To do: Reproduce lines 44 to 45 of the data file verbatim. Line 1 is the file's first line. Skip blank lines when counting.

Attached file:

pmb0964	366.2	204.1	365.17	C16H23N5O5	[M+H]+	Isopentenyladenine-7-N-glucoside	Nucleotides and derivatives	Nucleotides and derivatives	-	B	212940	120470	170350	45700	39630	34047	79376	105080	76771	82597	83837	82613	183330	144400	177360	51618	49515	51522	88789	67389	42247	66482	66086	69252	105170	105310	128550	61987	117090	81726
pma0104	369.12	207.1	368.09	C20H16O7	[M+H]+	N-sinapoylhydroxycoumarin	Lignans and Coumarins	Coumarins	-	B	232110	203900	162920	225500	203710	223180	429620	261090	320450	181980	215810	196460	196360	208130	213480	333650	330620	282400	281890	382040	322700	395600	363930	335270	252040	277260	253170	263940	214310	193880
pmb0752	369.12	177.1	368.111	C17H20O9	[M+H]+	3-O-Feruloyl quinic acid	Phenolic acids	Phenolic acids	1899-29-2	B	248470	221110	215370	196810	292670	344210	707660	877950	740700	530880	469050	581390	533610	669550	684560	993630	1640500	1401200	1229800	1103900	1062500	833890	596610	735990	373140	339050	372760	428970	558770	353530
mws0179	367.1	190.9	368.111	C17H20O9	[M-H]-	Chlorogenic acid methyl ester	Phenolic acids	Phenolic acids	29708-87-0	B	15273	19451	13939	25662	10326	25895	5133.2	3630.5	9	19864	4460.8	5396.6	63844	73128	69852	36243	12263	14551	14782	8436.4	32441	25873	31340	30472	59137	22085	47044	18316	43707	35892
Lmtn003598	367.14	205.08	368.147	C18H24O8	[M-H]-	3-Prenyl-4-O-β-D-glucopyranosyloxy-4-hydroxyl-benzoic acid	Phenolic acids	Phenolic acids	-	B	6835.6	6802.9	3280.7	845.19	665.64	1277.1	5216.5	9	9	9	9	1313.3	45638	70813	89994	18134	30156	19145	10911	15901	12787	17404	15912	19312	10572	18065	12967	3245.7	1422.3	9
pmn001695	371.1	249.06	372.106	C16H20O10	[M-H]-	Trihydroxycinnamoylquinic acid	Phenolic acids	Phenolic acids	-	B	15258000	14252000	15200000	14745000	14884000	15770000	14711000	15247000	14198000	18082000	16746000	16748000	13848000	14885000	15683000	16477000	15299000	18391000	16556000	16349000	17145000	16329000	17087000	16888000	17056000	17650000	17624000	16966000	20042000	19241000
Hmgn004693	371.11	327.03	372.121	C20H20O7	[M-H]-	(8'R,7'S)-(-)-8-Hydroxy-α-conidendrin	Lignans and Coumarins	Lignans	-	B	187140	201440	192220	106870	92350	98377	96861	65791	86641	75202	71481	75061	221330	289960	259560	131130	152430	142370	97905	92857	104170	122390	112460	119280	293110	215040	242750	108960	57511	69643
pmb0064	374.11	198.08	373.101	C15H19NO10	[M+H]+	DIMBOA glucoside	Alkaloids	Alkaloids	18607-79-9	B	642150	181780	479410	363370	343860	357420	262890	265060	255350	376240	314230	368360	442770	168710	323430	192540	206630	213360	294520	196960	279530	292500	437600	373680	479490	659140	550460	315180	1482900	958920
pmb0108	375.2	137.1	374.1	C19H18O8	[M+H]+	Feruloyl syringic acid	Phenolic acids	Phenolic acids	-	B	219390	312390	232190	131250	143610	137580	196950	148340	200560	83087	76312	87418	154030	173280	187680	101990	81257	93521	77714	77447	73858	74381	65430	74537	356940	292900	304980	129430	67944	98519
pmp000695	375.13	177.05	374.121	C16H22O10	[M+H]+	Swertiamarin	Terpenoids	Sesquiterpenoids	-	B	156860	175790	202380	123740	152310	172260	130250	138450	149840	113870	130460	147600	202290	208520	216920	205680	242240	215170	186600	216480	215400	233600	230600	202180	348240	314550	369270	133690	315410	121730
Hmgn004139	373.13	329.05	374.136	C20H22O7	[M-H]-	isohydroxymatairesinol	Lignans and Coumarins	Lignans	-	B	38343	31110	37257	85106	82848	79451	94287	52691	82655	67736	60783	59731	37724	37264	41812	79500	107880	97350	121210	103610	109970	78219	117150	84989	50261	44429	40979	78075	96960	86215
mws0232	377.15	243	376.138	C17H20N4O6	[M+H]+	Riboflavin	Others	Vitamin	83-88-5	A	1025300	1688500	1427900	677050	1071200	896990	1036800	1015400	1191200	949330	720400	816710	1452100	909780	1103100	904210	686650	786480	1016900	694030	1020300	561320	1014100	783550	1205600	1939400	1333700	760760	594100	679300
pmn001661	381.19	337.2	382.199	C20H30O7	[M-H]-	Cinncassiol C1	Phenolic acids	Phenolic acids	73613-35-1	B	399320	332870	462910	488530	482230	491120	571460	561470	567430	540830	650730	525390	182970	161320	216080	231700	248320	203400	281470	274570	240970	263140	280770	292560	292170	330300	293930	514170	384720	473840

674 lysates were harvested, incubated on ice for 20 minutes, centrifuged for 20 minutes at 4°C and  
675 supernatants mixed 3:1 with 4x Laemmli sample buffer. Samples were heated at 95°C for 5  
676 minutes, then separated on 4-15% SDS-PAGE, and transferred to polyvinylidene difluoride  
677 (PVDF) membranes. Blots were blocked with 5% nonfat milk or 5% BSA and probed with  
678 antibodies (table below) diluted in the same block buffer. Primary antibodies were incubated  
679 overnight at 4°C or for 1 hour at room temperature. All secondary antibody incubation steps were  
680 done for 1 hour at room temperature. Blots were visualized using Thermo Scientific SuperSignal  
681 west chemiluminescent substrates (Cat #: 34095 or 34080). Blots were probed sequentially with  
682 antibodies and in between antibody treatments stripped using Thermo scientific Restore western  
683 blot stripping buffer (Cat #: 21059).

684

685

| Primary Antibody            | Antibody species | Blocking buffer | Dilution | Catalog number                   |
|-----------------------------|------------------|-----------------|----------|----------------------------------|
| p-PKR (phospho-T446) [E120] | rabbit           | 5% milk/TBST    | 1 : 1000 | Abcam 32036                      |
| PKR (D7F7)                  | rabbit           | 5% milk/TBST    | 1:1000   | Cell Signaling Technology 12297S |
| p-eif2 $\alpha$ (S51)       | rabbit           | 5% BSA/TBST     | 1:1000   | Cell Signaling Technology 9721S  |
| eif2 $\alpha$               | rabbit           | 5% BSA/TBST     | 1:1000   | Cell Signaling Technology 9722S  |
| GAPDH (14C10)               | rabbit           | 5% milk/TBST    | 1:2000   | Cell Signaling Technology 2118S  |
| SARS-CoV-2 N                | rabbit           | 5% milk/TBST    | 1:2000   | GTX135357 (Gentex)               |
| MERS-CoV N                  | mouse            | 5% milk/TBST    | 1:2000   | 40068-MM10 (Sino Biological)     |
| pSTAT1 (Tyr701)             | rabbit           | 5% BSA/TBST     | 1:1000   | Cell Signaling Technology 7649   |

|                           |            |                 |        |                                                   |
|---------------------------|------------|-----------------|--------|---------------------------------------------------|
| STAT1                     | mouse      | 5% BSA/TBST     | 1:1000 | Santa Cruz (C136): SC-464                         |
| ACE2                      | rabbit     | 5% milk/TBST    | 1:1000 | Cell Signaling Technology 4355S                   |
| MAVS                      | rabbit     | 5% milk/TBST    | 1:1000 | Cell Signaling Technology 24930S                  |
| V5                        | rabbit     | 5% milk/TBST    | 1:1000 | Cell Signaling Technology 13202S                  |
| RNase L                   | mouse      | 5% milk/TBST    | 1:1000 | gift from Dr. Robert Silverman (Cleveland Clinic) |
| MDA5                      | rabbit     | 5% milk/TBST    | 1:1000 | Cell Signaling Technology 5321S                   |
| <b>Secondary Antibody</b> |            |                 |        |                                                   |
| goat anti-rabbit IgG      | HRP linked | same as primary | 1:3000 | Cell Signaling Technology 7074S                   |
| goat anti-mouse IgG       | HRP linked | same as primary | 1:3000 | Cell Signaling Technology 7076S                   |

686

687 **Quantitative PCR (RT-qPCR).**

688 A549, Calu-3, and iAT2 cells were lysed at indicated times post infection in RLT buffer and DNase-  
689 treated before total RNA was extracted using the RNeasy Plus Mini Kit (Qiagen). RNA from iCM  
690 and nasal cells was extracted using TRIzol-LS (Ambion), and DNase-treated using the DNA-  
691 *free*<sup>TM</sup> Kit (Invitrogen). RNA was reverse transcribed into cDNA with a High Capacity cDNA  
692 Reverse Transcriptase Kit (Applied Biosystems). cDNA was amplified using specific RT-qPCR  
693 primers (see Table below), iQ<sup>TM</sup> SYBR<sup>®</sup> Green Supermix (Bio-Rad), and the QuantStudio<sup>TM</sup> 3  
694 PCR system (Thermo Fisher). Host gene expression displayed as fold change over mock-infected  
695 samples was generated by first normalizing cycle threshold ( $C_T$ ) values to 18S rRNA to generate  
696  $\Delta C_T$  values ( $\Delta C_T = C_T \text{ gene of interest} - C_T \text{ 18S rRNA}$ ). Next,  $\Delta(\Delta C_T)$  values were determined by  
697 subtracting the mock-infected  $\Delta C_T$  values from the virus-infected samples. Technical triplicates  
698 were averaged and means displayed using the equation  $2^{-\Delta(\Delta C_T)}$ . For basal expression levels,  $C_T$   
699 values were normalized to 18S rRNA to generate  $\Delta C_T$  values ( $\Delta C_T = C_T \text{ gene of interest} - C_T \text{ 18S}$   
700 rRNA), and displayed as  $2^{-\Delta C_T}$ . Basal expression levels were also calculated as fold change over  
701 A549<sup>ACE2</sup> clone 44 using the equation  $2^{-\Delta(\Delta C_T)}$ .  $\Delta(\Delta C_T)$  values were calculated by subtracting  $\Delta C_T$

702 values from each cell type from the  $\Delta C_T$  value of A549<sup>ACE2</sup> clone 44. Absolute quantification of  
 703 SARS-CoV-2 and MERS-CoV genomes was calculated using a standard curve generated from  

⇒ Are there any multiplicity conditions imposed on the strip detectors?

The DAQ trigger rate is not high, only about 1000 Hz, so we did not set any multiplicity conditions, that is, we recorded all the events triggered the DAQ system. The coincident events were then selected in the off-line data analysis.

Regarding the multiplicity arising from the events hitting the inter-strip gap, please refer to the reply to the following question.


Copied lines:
| <b>Secondary Antibody</b> |            |                 |        |                                                   |
| goat anti-rabbit IgG      | HRP linked | same as primary | 1:3000 | Cell Signaling Technology 7074S                   |